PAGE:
Judge allows Sandy Hook’s lawsuits against Jones to continue

HOUSTON — A federal bankruptcy judge ruled on Monday, but families could yet go against Alex Jones over the nearly $1.5 billion they were ordered to pay to the families of Sandy Hook victims because of conspiracy theories about the 2012 school massacre. Infowars server.

Judge Christopher Lopez upheld an order that Jones’ lawyers, the media company, and the Sandy Hook families all agreed to. The order lifts a stop that automatically stops lawsuits when Jones files for bankruptcy. Jones’ media company, Free Speech Systems, is also seeking bankruptcy protection.

Lopez upheld the ruling that prevented the families from continuing their recovery efforts during the hour-and-a-half hearing that Jones attended remotely.

Jones filed for Chapter 11 personal bankruptcy protection in Texas earlier this month, suggesting between $1 billion and $10 billion in debt and $1 million to $10 million in assets.

Jones has described the 2012 Sandy Hook massacre as a hoax for years. In October, a Connecticut jury awarded the victims’ families $965 million in damages, and a judge later determined a further $473 million in punitive damages. Earlier in the year, a Texas jury awarded $49 million in damages to the parents of a child killed in the shooting.

Jones laughed at the awards on the Infowars show, saying he has less than $2 million to his name and cannot afford to pay such high sums. These comments contradicted the testimony of a forensic economist at the Texas trial who said that Jones and Free Speech Systems have a combined net worth of as high as $270 million.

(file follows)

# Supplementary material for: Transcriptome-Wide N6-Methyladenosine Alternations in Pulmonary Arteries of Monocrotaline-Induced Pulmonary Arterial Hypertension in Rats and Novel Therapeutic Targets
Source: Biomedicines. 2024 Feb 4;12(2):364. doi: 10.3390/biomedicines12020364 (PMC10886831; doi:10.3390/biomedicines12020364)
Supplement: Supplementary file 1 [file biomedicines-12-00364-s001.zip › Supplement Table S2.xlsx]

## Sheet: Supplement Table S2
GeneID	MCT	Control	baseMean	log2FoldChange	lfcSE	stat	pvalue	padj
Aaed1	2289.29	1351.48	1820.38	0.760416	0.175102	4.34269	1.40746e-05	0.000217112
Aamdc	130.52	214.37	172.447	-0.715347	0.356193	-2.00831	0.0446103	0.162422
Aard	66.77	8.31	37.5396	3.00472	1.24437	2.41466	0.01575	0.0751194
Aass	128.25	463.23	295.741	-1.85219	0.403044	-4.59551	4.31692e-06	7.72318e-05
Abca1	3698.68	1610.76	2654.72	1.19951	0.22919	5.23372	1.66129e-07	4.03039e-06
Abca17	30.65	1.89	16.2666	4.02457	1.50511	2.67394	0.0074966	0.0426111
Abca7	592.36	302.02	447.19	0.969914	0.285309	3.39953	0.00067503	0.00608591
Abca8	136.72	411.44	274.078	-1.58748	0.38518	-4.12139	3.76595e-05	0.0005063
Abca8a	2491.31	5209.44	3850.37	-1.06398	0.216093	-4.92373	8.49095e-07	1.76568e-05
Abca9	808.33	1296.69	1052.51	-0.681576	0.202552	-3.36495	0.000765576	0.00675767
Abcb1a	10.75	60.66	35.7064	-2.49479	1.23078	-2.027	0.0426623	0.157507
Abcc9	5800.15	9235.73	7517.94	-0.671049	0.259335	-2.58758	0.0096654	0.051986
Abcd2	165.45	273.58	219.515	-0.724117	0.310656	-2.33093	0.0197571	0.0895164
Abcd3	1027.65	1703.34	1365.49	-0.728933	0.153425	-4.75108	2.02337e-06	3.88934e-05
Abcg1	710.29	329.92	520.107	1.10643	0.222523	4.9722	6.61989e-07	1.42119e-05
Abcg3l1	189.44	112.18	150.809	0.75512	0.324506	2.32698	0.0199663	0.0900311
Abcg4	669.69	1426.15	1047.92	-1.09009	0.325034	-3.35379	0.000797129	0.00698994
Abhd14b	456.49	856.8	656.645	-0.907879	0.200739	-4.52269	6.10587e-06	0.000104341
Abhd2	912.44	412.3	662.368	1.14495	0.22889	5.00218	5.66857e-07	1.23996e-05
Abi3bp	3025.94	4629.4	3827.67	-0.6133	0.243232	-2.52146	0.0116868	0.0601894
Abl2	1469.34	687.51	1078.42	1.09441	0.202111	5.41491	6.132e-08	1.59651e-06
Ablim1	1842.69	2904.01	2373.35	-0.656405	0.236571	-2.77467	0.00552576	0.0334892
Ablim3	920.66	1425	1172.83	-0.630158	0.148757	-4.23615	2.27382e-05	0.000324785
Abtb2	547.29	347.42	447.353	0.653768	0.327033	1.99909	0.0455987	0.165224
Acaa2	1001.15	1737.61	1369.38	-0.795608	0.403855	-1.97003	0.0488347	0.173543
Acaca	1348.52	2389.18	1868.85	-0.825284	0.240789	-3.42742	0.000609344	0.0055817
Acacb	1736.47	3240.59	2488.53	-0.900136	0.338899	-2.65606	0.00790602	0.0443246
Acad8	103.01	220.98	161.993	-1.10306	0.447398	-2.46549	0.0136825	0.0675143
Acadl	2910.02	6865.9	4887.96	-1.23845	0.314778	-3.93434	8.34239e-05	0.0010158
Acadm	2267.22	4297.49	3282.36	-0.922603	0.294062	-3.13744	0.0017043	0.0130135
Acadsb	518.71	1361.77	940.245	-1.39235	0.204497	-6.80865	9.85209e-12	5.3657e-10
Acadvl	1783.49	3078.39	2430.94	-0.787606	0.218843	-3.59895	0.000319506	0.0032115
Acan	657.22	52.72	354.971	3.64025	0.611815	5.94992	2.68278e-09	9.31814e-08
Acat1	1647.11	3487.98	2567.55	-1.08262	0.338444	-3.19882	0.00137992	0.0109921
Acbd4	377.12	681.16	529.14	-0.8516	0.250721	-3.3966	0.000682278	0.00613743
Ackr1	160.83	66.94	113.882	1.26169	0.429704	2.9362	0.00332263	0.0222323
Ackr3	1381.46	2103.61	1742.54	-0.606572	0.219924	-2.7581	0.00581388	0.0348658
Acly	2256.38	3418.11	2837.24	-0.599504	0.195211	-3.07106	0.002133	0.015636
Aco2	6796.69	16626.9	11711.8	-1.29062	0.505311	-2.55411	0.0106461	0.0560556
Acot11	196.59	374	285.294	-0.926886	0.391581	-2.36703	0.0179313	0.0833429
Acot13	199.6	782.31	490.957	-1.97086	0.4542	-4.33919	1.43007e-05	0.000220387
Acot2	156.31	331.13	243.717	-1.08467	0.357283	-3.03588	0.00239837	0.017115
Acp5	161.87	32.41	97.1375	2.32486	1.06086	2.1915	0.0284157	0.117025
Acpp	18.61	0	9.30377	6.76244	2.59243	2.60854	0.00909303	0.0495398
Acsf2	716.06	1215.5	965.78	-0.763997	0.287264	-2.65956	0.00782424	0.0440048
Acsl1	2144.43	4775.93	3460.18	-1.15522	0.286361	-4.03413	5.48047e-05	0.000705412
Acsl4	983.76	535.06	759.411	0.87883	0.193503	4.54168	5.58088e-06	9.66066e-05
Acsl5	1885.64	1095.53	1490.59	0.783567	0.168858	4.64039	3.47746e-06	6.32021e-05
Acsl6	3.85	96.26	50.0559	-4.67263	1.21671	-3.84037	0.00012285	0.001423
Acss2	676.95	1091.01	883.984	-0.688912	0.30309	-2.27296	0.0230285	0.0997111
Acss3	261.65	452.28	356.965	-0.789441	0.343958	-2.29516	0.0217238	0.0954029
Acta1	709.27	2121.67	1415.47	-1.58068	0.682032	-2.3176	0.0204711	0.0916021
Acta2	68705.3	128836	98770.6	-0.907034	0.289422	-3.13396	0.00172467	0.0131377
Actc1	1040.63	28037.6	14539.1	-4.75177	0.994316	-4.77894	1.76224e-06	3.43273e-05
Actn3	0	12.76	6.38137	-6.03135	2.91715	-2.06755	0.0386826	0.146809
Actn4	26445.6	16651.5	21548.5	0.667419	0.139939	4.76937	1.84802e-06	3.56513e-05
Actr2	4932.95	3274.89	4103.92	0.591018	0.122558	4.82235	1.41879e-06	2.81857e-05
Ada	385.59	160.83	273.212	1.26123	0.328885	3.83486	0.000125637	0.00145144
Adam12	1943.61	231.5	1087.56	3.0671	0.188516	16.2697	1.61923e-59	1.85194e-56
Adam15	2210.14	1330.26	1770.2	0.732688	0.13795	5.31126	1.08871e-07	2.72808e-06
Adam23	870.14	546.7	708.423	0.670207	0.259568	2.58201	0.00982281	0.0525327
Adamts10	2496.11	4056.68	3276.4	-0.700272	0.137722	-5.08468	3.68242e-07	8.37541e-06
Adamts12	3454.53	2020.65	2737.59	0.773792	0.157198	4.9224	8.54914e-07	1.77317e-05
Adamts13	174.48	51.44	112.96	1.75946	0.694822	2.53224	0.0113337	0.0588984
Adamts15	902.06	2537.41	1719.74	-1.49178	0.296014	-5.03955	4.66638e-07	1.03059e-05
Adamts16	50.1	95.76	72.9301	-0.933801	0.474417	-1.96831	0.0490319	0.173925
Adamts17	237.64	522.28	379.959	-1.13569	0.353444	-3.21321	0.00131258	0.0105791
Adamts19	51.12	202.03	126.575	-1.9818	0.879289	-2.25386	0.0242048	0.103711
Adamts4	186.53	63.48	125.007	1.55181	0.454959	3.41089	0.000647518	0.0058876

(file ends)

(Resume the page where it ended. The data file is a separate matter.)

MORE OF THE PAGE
According to documents filed in July in Free Speech Systems’ bankruptcy case in Texas, the company’s budget from November 26 to December 23 is estimated to be approximately $3 million in product sales and approximately $739,000 in operating expenses. Jones’ salary is listed as $20,000 fortnightly.

Lopez on Monday delayed a motion by Jones’ lawyers to compel Free Speech Systems to pay the $1.3 million listed under his contract, which would amount to about $54,000 biweekly. Lopez said she will address the issue at a hearing next month.

The Sandy Hook families claimed in another lawsuit in Texas that Jones hid millions of dollars in assets after relatives of the victims began taking him to court. Jones’ lawyer denied the allegation.

A third hearing over Jones’ comments about Sandy Hook is expected to begin in the next two months in a lawsuit filed in Texas by the parents of another child who died in the gunfight.

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